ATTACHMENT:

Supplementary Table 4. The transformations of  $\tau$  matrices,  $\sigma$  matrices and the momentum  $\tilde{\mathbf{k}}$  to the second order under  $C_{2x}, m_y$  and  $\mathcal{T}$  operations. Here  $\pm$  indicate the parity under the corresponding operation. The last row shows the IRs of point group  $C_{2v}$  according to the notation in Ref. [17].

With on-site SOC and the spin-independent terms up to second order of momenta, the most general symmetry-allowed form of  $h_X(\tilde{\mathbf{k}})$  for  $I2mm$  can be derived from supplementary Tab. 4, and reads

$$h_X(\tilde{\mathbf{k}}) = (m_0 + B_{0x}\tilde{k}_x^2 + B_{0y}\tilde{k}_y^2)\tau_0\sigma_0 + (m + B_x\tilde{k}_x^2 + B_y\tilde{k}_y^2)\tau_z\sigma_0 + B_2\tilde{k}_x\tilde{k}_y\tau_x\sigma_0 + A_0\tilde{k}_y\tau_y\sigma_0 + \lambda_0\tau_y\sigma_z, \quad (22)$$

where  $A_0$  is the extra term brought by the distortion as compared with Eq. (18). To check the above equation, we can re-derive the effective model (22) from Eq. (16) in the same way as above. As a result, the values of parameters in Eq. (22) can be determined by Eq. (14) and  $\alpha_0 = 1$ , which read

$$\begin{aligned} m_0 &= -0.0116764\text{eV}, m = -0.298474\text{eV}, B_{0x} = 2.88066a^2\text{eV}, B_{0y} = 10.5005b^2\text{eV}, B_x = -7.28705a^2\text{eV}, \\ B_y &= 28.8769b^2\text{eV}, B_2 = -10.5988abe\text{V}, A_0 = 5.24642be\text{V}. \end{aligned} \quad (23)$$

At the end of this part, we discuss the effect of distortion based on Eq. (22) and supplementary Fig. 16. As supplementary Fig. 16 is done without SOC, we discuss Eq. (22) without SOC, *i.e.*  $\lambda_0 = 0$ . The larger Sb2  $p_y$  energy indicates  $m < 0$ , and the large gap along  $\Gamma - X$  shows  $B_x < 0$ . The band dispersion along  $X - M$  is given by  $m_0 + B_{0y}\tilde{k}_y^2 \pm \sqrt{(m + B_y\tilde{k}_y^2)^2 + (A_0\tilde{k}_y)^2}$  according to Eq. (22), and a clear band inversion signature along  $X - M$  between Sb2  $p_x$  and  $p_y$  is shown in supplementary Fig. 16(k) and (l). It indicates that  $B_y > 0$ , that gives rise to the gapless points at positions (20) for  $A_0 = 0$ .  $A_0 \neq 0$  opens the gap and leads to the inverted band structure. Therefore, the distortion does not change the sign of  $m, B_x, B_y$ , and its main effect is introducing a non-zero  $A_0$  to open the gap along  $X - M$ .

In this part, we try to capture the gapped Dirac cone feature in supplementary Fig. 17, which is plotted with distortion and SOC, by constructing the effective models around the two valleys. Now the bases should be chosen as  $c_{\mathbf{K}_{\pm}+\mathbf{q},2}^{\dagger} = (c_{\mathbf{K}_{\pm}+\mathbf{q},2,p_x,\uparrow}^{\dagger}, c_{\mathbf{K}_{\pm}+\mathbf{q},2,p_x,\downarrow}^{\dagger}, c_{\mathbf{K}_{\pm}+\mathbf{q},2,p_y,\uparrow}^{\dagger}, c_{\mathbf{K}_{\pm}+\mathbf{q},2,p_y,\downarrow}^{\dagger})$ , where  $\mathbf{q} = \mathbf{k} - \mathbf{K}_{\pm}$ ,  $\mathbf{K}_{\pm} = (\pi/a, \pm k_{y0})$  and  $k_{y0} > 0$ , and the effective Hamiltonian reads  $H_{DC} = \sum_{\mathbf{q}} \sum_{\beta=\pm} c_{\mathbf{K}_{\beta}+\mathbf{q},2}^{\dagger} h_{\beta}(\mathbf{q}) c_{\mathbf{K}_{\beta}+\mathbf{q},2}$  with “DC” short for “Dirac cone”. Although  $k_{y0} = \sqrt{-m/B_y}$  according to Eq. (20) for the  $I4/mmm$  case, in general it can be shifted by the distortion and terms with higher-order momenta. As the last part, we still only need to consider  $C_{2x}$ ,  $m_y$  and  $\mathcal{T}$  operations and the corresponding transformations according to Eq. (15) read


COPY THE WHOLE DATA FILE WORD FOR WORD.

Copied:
Supplementary Table 4. The transformations of  $\tau$  matrices,  $\sigma$  matrices and the momentum  $\tilde{\mathbf{k}}$  to the second order under  $C_{2x}, m_y$  and  $\mathcal{T}$  operations. Here  $\pm$  indicate the parity under the corresponding operation. The last row shows the IRs of point group  $C_{2v}$  according to the notation in Ref. [17].

With on-site SOC and the spin-independent terms up to second order of momenta, the most general symmetry-allowed form of  $h_X(\tilde{\mathbf{k}})$  for  $I2mm$  can be derived from supplementary Tab. 4, and reads

$$h_X(\tilde{\mathbf{k}}) = (m_0 + B_{0x}\tilde{k}_x^2 + B_{0y}\tilde{k}_y^2)\tau_0\sigma_0 + (m + B_x\tilde{k}_x^2 + B_y\tilde{k}_y^2)\tau_z\sigma_0 + B_2\tilde{k}_x\tilde{k}_y\tau_x\sigma_0 + A_0\tilde{k}_y\tau_y\sigma_0 + \lambda_0\tau_y\sigma_z, \quad (22)$$

where  $A_0$  is the extra term brought by the distortion as compared with Eq. (18). To check the above equation, we can re-derive the effective model (22) from Eq. (16) in the same way as above. As a result, the values of parameters in Eq. (22) can be determined by Eq. (14) and  $\alpha_0 = 1$ , which read

$$\begin{aligned} m_0 &= -0.0116764\text{eV}, m = -0.298474\text{eV}, B_{0x} = 2.88066a^2\text{eV}, B_{0y} = 10.5005b^2\text{eV}, B_x = -7.28705a^2\text{eV}, \\ B_y &= 28.8769b^2\text{eV}, B_2 = -10.5988abe\text{V}, A_0 = 5.24642be\text{V}. \end{aligned} \quad (23)$$

At the end of this part, we discuss the effect of distortion based on Eq. (22) and supplementary Fig. 16. As supplementary Fig. 16 is done without SOC, we discuss Eq. (22) without SOC, *i.e.*  $\lambda_0 = 0$ . The larger Sb2  $p_y$  energy indicates  $m < 0$ , and the large gap along  $\Gamma - X$  shows  $B_x < 0$ . The band dispersion along  $X - M$  is given by  $m_0 + B_{0y}\tilde{k}_y^2 \pm \sqrt{(m + B_y\tilde{k}_y^2)^2 + (A_0\tilde{k}_y)^2}$  according to Eq. (22), and a clear band inversion signature along  $X - M$  between Sb2  $p_x$  and  $p_y$  is shown in supplementary Fig. 16(k) and (l). It indicates that  $B_y > 0$ , that gives rise to the gapless points at positions (20) for  $A_0 = 0$ .  $A_0 \neq 0$  opens the gap and leads to the inverted band structure. Therefore, the distortion does not change the sign of  $m, B_x, B_y$ , and its main effect is introducing a non-zero  $A_0$  to open the gap along  $X - M$ .

In this part, we try to capture the gapped Dirac cone feature in supplementary Fig. 17, which is plotted with distortion and SOC, by constructing the effective models around the two valleys. Now the bases should be chosen as  $c_{\mathbf{K}_{\pm}+\mathbf{q},2}^{\dagger} = (c_{\mathbf{K}_{\pm}+\mathbf{q},2,p_x,\uparrow}^{\dagger}, c_{\mathbf{K}_{\pm}+\mathbf{q},2,p_x,\downarrow}^{\dagger}, c_{\mathbf{K}_{\pm}+\mathbf{q},2,p_y,\uparrow}^{\dagger}, c_{\mathbf{K}_{\pm}+\mathbf{q},2,p_y,\downarrow}^{\dagger})$ , where  $\mathbf{q} = \mathbf{k} - \mathbf{K}_{\pm}$ ,  $\mathbf{K}_{\pm} = (\pi/a, \pm k_{y0})$  and  $k_{y0} > 0$ , and the effective Hamiltonian reads  $H_{DC} = \sum_{\mathbf{q}} \sum_{\beta=\pm} c_{\mathbf{K}_{\beta}+\mathbf{q},2}^{\dagger} h_{\beta}(\mathbf{q}) c_{\mathbf{K}_{\beta}+\mathbf{q},2}$  with “DC” short for “Dirac cone”. Although  $k_{y0} = \sqrt{-m/B_y}$  according to Eq. (20) for the  $I4/mmm$  case, in general it can be shifted by the distortion and terms with higher-order momenta. As the last part, we still only need to consider  $C_{2x}$ ,  $m_y$  and  $\mathcal{T}$  operations and the corresponding transformations according to Eq. (15) read